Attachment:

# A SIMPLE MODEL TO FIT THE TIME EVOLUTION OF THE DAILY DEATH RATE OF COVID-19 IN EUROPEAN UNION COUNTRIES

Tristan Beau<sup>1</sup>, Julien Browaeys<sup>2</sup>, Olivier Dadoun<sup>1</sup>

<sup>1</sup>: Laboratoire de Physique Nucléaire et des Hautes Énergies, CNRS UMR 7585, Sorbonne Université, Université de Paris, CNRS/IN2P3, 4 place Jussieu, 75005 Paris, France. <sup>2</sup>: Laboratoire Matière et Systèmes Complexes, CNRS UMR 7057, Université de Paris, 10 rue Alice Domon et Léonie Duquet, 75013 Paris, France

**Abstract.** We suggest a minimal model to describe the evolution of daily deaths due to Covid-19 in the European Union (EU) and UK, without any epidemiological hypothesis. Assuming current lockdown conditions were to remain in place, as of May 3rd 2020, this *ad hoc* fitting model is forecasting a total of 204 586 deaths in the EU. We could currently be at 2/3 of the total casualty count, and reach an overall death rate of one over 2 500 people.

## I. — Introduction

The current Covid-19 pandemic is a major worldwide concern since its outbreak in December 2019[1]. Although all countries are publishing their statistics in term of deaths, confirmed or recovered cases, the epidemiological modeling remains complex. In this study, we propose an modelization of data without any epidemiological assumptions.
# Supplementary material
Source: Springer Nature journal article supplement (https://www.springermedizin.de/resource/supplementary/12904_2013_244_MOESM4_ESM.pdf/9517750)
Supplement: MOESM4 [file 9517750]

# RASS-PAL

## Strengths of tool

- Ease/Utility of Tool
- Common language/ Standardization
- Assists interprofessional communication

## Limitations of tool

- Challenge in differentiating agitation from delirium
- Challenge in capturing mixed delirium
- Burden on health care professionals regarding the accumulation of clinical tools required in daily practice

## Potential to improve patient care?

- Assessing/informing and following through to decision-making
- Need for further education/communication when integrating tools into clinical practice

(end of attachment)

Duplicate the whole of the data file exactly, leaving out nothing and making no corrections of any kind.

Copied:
# A SIMPLE MODEL TO FIT THE TIME EVOLUTION OF THE DAILY DEATH RATE OF COVID-19 IN EUROPEAN UNION COUNTRIES

Tristan Beau<sup>1</sup>, Julien Browaeys<sup>2</sup>, Olivier Dadoun<sup>1</sup>

<sup>1</sup>: Laboratoire de Physique Nucléaire et des Hautes Énergies, CNRS UMR 7585, Sorbonne Université, Université de Paris, CNRS/IN2P3, 4 place Jussieu, 75005 Paris, France. <sup>2</sup>: Laboratoire Matière et Systèmes Complexes, CNRS UMR 7057, Université de Paris, 10 rue Alice Domon et Léonie Duquet, 75013 Paris, France

**Abstract.** We suggest a minimal model to describe the evolution of daily deaths due to Covid-19 in the European Union (EU) and UK, without any epidemiological hypothesis. Assuming current lockdown conditions were to remain in place, as of May 3rd 2020, this *ad hoc* fitting model is forecasting a total of 204 586 deaths in the EU. We could currently be at 2/3 of the total casualty count, and reach an overall death rate of one over 2 500 people.

## I. — Introduction

The current Covid-19 pandemic is a major worldwide concern since its outbreak in December 2019[1]. Although all countries are publishing their statistics in term of deaths, confirmed or recovered cases, the epidemiological modeling remains complex. In this study, we propose an modelization of data without any epidemiological assumptions.
# Supplementary material
Source: Springer Nature journal article supplement (https://www.springermedizin.de/resource/supplementary/12904_2013_244_MOESM4_ESM.pdf/9517750)
Supplement: MOESM4 [file 9517750]

# RASS-PAL

## Strengths of tool

- Ease/Utility of Tool
- Common language/ Standardization
- Assists interprofessional communication

## Limitations of tool

- Challenge in differentiating agitation from delirium
- Challenge in capturing mixed delirium
- Burden on health care professionals regarding the accumulation of clinical tools required in daily practice

## Potential to improve patient care?

- Assessing/informing and following through to decision-making
- Need for further education/communication when integrating tools into clinical practice